Curated for Hazelhurst Regional Gallery and Arts Centre by Rod Pattenden, George Gittoes: I Witness presents the major themes explored throughout Gittoes' 40 year career, with a diverse body of work that includes paintings, drawings, printmaking, artist diaries from the fields of war, installation and film.
It is drawn from the artist's and other private collections with many works never having been seen publicly in Australia.
A Hazelhurst Regional Gallery and Arts Centre touring exhibition.
Found in Translation: Deakin University Art Gallery
28 April–29 May 2015
Found in Translation: Deakin University Art Gallery is part of Gosia Wlodarczak's ongoing Instruction Drawing project. Taking a drawing produced during a residency at the Western Washington University Art Gallery in 2012 as her starting point, Wlodarczak has developed two pictorial alphabets, each letter of the English alphabet represented by a small detail of this drawing.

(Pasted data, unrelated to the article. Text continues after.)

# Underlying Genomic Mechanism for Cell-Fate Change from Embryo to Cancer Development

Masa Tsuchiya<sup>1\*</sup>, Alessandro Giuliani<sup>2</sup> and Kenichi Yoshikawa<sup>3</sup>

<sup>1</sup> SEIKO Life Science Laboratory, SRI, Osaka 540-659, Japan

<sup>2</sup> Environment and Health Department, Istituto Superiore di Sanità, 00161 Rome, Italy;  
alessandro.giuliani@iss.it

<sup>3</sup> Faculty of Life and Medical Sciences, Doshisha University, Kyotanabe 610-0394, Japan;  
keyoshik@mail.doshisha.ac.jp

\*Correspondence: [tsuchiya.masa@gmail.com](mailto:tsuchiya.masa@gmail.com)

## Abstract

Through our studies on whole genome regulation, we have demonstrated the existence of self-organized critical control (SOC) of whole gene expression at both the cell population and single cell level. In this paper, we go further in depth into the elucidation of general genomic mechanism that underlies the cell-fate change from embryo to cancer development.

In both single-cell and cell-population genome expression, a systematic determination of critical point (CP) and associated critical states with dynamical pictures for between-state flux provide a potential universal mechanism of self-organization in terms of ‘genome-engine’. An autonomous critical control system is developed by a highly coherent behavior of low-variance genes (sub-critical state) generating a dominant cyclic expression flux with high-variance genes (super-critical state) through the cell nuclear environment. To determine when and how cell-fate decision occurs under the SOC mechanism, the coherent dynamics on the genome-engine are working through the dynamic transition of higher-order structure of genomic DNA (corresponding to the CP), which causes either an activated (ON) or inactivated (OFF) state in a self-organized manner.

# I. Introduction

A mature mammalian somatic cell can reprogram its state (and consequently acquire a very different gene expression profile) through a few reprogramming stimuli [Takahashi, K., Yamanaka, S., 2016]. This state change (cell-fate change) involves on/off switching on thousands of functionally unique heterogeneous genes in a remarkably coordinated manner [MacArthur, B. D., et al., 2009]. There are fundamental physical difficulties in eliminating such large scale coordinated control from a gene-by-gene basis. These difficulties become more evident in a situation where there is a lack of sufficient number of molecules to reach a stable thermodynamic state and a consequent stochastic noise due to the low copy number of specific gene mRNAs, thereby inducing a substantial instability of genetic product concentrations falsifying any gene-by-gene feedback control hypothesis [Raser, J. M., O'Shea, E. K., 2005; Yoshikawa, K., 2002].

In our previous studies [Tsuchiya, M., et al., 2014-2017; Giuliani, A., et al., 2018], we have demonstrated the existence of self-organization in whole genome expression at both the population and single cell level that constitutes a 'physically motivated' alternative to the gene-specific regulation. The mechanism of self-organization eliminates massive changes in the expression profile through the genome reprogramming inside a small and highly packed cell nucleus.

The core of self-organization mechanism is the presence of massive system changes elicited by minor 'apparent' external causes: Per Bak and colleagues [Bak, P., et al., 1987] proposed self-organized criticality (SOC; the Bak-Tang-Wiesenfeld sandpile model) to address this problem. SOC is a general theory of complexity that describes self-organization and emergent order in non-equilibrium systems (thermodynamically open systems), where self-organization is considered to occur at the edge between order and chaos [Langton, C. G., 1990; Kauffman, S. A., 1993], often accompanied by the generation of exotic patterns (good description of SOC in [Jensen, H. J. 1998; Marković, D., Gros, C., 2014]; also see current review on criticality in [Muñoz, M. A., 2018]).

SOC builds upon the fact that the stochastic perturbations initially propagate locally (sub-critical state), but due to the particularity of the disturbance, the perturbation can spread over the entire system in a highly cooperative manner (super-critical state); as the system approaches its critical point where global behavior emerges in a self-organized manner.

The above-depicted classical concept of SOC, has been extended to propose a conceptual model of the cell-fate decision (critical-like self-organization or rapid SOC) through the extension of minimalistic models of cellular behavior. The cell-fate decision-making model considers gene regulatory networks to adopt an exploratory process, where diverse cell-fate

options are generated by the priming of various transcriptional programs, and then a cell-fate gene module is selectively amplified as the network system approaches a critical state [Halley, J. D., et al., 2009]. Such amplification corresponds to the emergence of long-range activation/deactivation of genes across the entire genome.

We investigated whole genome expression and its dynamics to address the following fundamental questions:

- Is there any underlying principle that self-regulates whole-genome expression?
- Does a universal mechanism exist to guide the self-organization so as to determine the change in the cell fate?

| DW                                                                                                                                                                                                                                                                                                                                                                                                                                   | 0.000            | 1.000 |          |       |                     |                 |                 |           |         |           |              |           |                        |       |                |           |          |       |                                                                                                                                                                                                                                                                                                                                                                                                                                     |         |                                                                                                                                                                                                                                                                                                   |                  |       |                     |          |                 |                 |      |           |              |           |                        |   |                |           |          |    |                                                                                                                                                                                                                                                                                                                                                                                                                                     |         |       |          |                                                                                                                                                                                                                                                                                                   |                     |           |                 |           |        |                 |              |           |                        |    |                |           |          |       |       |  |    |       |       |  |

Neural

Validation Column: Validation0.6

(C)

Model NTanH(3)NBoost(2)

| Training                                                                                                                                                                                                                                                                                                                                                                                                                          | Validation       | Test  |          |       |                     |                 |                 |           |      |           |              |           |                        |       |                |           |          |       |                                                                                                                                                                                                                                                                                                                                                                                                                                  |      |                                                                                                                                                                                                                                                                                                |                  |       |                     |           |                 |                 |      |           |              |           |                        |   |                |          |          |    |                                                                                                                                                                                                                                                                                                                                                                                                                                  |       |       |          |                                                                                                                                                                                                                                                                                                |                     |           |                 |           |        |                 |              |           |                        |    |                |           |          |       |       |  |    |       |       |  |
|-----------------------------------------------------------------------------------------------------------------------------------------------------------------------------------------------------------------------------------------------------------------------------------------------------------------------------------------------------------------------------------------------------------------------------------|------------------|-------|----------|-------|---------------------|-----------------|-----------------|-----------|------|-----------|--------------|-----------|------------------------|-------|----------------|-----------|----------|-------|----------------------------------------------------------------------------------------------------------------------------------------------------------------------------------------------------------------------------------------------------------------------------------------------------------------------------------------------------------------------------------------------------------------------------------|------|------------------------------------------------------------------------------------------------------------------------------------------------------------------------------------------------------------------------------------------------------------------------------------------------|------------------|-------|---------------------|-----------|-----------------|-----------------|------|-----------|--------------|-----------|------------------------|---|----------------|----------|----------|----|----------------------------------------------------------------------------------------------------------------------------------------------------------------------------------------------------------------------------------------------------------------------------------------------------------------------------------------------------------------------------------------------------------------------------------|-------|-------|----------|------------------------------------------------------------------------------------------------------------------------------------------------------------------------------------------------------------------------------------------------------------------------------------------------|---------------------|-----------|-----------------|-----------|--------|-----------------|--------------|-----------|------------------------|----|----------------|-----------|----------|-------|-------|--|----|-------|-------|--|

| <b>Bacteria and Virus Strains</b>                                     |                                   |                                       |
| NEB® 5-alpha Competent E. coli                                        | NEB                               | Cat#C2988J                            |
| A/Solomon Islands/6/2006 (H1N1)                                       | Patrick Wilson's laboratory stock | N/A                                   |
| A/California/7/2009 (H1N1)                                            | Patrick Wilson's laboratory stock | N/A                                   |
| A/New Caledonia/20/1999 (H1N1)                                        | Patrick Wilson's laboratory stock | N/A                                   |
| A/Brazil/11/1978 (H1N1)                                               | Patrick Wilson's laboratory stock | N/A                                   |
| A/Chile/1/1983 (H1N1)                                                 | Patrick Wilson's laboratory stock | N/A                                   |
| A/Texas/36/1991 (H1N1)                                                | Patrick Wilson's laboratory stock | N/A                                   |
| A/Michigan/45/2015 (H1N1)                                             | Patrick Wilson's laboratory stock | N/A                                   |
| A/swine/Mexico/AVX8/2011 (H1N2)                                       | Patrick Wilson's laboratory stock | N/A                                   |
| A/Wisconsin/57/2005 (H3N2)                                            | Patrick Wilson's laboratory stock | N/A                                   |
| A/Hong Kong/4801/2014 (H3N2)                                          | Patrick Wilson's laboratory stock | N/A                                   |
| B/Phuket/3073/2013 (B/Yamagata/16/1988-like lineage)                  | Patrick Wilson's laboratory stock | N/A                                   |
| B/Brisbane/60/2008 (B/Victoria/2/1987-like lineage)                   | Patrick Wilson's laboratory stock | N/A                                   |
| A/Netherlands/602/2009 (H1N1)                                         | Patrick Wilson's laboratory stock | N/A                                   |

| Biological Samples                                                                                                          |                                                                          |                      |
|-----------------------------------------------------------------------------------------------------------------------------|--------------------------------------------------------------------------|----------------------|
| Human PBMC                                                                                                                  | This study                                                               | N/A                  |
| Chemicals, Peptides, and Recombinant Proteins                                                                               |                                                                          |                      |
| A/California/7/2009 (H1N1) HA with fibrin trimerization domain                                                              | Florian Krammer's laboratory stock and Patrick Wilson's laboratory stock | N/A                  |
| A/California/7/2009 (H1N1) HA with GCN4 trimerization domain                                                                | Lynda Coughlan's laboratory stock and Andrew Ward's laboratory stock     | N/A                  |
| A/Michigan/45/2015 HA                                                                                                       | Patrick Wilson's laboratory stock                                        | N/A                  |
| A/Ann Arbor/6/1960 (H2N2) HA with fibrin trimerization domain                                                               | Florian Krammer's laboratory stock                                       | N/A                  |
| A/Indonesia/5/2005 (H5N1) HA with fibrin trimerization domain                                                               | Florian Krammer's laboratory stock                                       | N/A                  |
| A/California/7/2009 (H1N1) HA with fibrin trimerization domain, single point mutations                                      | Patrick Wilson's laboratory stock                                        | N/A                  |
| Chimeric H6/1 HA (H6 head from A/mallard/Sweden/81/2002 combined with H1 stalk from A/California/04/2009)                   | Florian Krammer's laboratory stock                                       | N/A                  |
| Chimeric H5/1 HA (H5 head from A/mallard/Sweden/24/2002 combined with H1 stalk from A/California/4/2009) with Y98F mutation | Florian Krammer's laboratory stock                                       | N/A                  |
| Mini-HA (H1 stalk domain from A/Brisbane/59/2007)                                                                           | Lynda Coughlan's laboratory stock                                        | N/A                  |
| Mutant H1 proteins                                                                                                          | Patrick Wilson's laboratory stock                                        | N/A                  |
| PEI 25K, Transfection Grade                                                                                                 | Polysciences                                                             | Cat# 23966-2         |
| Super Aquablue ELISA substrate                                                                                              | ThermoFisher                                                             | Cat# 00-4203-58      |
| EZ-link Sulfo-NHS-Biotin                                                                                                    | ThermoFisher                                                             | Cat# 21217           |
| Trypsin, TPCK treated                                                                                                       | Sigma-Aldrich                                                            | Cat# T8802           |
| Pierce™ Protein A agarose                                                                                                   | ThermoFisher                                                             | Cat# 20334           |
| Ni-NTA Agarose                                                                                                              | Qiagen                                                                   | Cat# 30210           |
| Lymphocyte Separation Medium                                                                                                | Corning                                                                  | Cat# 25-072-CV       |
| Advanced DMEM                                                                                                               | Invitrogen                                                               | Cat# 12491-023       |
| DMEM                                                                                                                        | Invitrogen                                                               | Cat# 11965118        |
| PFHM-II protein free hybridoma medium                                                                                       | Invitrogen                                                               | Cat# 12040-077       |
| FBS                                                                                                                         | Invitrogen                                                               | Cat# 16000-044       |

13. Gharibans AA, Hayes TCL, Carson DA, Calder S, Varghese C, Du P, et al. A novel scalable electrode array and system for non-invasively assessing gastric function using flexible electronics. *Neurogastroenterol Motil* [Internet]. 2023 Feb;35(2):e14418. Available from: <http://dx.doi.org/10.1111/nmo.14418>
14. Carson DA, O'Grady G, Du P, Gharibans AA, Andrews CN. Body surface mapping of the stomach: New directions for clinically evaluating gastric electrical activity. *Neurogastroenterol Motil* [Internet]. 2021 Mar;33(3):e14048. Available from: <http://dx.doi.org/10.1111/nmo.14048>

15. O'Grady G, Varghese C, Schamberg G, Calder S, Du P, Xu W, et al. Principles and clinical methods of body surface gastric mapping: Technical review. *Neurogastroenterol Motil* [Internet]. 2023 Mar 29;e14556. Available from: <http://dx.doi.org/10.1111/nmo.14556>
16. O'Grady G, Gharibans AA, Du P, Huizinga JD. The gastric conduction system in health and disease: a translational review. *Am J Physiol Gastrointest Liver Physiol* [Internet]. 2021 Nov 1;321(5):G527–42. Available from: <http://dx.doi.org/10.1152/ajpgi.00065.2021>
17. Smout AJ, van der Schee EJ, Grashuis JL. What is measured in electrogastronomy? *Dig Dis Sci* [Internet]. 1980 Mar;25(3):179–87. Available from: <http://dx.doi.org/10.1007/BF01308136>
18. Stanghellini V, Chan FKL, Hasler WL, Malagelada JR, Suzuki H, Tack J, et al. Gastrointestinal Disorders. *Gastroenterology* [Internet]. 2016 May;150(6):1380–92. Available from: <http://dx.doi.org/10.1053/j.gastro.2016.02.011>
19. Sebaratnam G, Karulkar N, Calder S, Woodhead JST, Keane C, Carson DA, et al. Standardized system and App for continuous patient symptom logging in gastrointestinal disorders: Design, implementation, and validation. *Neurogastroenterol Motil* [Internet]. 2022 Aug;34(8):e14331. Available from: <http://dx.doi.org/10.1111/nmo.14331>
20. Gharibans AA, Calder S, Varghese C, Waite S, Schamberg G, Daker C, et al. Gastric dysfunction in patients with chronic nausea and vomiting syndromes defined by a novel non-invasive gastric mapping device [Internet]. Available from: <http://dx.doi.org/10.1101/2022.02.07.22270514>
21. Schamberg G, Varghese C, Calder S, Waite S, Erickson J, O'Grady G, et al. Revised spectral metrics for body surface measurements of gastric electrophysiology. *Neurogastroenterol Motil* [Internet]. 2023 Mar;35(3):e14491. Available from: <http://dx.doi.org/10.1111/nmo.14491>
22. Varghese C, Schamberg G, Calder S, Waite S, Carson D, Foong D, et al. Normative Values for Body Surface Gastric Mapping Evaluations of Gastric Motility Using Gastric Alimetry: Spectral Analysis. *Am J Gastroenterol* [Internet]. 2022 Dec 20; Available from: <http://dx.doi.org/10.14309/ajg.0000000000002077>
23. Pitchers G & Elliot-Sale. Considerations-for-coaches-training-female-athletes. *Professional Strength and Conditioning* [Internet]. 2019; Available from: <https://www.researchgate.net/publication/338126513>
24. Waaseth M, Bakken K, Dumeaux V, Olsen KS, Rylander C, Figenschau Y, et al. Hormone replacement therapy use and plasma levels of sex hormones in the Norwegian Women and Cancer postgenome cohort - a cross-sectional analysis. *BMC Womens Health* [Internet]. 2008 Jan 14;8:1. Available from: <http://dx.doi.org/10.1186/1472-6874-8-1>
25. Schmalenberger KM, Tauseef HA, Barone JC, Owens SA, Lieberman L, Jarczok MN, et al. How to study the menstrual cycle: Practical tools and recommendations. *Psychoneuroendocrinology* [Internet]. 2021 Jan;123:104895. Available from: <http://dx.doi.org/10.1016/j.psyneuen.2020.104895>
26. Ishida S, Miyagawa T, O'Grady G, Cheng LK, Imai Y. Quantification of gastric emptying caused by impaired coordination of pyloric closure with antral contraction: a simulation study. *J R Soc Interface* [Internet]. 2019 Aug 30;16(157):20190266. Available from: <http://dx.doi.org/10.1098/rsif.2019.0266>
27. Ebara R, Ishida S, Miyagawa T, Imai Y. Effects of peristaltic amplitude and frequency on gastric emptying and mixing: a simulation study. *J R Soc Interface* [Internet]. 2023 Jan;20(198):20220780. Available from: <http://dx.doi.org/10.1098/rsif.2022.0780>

Using these pictorial alphabets, Wlodarczak has created a series of three site-specific wall drawings, each containing encoded texts. The first has been completed by the artist; the second, by Deakin University Art Gallery staff using a manual provided by the artist, 'Instruction for the Maker'; and the third will be a collaboration with visitors to the exhibition.
Texts selected by the artist and University staff, which relate to project and to the specific context of the University setting, are encoded within two of the drawings, which may be decoded using a set of instructions provided by the artist 'Instruction for the viewer'. Visitors to the exhibition are invited to contribute a word to the project, which the artist will translate into a third wall drawing during a four-day residency from 28 April to 1 May, culminating in a collaborative concrete poem.
Gosia Wlodarczak extends the practice of drawing in performative, interactive and conceptual projects that respond to her direct environment and explore the idea of drawing and language being coded modes of communication.
Until Friday, 24 February 2017
This was be a one-time-only opportunity to have a fascinating, intimate and up-close look into the extraordinary, hyper-real sculptures of this very talented Australian artist.